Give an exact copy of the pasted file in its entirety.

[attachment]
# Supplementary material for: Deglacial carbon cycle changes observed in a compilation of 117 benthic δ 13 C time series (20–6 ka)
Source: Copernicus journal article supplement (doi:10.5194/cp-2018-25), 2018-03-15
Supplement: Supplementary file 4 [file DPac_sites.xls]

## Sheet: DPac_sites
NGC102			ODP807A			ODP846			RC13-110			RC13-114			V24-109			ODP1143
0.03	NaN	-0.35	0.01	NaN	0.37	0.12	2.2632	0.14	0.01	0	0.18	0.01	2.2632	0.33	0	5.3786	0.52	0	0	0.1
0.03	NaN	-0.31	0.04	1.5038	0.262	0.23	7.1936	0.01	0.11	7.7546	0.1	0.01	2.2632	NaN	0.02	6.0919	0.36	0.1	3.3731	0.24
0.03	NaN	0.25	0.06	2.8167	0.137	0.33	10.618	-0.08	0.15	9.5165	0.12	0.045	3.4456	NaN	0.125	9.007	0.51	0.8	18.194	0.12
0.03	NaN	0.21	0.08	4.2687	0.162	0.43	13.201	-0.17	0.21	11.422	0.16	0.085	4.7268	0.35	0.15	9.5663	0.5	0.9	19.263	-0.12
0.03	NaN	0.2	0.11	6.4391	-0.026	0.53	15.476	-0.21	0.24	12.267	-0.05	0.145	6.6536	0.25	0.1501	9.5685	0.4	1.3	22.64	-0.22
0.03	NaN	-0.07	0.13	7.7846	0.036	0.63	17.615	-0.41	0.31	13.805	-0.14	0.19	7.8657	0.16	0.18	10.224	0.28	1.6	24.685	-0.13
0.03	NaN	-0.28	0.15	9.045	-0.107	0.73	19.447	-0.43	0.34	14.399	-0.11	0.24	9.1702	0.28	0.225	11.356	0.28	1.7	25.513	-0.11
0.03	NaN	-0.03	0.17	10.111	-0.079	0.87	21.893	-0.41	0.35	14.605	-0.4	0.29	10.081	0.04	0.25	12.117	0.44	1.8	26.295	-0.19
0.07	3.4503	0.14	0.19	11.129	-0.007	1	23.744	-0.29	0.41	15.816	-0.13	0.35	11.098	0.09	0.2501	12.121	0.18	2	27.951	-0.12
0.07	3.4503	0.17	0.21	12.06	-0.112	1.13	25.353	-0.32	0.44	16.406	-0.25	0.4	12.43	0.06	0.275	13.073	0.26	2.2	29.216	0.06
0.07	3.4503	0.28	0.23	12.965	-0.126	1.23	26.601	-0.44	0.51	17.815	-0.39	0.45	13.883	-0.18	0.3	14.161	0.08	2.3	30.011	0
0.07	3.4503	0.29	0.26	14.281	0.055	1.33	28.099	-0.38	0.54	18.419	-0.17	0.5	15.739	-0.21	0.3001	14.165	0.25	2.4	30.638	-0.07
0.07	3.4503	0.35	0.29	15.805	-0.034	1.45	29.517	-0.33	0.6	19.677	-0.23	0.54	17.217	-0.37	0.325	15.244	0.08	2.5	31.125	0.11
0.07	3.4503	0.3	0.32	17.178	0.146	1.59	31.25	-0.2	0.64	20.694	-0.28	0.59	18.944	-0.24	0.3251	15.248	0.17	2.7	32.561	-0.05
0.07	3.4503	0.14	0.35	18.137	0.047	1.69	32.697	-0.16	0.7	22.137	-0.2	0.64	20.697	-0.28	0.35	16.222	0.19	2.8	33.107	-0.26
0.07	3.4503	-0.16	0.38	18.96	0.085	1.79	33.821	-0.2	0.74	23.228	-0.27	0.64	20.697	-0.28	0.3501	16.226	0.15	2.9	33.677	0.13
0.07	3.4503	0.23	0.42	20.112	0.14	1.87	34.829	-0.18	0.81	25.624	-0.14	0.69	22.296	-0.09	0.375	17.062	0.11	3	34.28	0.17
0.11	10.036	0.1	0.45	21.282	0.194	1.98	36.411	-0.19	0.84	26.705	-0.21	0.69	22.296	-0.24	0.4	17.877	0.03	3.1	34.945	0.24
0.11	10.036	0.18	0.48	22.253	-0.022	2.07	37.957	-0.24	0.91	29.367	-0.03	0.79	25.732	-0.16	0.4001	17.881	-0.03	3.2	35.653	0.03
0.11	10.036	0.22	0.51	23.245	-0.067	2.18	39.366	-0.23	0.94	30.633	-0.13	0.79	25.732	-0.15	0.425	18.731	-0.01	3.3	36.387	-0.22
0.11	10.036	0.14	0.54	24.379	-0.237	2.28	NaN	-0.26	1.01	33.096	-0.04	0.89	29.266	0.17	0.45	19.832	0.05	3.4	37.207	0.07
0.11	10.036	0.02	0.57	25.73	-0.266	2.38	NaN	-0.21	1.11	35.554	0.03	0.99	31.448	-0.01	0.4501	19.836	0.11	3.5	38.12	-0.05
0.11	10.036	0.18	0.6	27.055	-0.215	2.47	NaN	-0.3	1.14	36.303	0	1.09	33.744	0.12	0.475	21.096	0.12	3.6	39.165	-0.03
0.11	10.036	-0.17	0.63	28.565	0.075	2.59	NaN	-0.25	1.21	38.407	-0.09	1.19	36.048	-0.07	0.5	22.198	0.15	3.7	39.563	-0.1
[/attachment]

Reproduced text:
# Supplementary material for: Deglacial carbon cycle changes observed in a compilation of 117 benthic δ 13 C time series (20–6 ka)
Source: Copernicus journal article supplement (doi:10.5194/cp-2018-25), 2018-03-15
Supplement: Supplementary file 4 [file DPac_sites.xls]

## Sheet: DPac_sites
NGC102			ODP807A			ODP846			RC13-110			RC13-114			V24-109			ODP1143
0.03	NaN	-0.35	0.01	NaN	0.37	0.12	2.2632	0.14	0.01	0	0.18	0.01	2.2632	0.33	0	5.3786	0.52	0	0	0.1
0.03	NaN	-0.31	0.04	1.5038	0.262	0.23	7.1936	0.01	0.11	7.7546	0.1	0.01	2.2632	NaN	0.02	6.0919	0.36	0.1	3.3731	0.24
0.03	NaN	0.25	0.06	2.8167	0.137	0.33	10.618	-0.08	0.15	9.5165	0.12	0.045	3.4456	NaN	0.125	9.007	0.51	0.8	18.194	0.12
0.03	NaN	0.21	0.08	4.2687	0.162	0.43	13.201	-0.17	0.21	11.422	0.16	0.085	4.7268	0.35	0.15	9.5663	0.5	0.9	19.263	-0.12
0.03	NaN	0.2	0.11	6.4391	-0.026	0.53	15.476	-0.21	0.24	12.267	-0.05	0.145	6.6536	0.25	0.1501	9.5685	0.4	1.3	22.64	-0.22
0.03	NaN	-0.07	0.13	7.7846	0.036	0.63	17.615	-0.41	0.31	13.805	-0.14	0.19	7.8657	0.16	0.18	10.224	0.28	1.6	24.685	-0.13
0.03	NaN	-0.28	0.15	9.045	-0.107	0.73	19.447	-0.43	0.34	14.399	-0.11	0.24	9.1702	0.28	0.225	11.356	0.28	1.7	25.513	-0.11
0.03	NaN	-0.03	0.17	10.111	-0.079	0.87	21.893	-0.41	0.35	14.605	-0.4	0.29	10.081	0.04	0.25	12.117	0.44	1.8	26.295	-0.19
0.07	3.4503	0.14	0.19	11.129	-0.007	1	23.744	-0.29	0.41	15.816	-0.13	0.35	11.098	0.09	0.2501	12.121	0.18	2	27.951	-0.12
0.07	3.4503	0.17	0.21	12.06	-0.112	1.13	25.353	-0.32	0.44	16.406	-0.25	0.4	12.43	0.06	0.275	13.073	0.26	2.2	29.216	0.06
0.07	3.4503	0.28	0.23	12.965	-0.126	1.23	26.601	-0.44	0.51	17.815	-0.39	0.45	13.883	-0.18	0.3	14.161	0.08	2.3	30.011	0
0.07	3.4503	0.29	0.26	14.281	0.055	1.33	28.099	-0.38	0.54	18.419	-0.17	0.5	15.739	-0.21	0.3001	14.165	0.25	2.4	30.638	-0.07
0.07	3.4503	0.35	0.29	15.805	-0.034	1.45	29.517	-0.33	0.6	19.677	-0.23	0.54	17.217	-0.37	0.325	15.244	0.08	2.5	31.125	0.11
0.07	3.4503	0.3	0.32	17.178	0.146	1.59	31.25	-0.2	0.64	20.694	-0.28	0.59	18.944	-0.24	0.3251	15.248	0.17	2.7	32.561	-0.05
0.07	3.4503	0.14	0.35	18.137	0.047	1.69	32.697	-0.16	0.7	22.137	-0.2	0.64	20.697	-0.28	0.35	16.222	0.19	2.8	33.107	-0.26
0.07	3.4503	-0.16	0.38	18.96	0.085	1.79	33.821	-0.2	0.74	23.228	-0.27	0.64	20.697	-0.28	0.3501	16.226	0.15	2.9	33.677	0.13
0.07	3.4503	0.23	0.42	20.112	0.14	1.87	34.829	-0.18	0.81	25.624	-0.14	0.69	22.296	-0.09	0.375	17.062	0.11	3	34.28	0.17
0.11	10.036	0.1	0.45	21.282	0.194	1.98	36.411	-0.19	0.84	26.705	-0.21	0.69	22.296	-0.24	0.4	17.877	0.03	3.1	34.945	0.24
0.11	10.036	0.18	0.48	22.253	-0.022	2.07	37.957	-0.24	0.91	29.367	-0.03	0.79	25.732	-0.16	0.4001	17.881	-0.03	3.2	35.653	0.03
0.11	10.036	0.22	0.51	23.245	-0.067	2.18	39.366	-0.23	0.94	30.633	-0.13	0.79	25.732	-0.15	0.425	18.731	-0.01	3.3	36.387	-0.22
0.11	10.036	0.14	0.54	24.379	-0.237	2.28	NaN	-0.26	1.01	33.096	-0.04	0.89	29.266	0.17	0.45	19.832	0.05	3.4	37.207	0.07
0.11	10.036	0.02	0.57	25.73	-0.266	2.38	NaN	-0.21	1.11	35.554	0.03	0.99	31.448	-0.01	0.4501	19.836	0.11	3.5	38.12	-0.05
0.11	10.036	0.18	0.6	27.055	-0.215	2.47	NaN	-0.3	1.14	36.303	0	1.09	33.744	0.12	0.475	21.096	0.12	3.6	39.165	-0.03
0.11	10.036	-0.17	0.63	28.565	0.075	2.59	NaN	-0.25	1.21	38.407	-0.09	1.19	36.048	-0.07	0.5	22.198	0.15	3.7	39.563	-0.1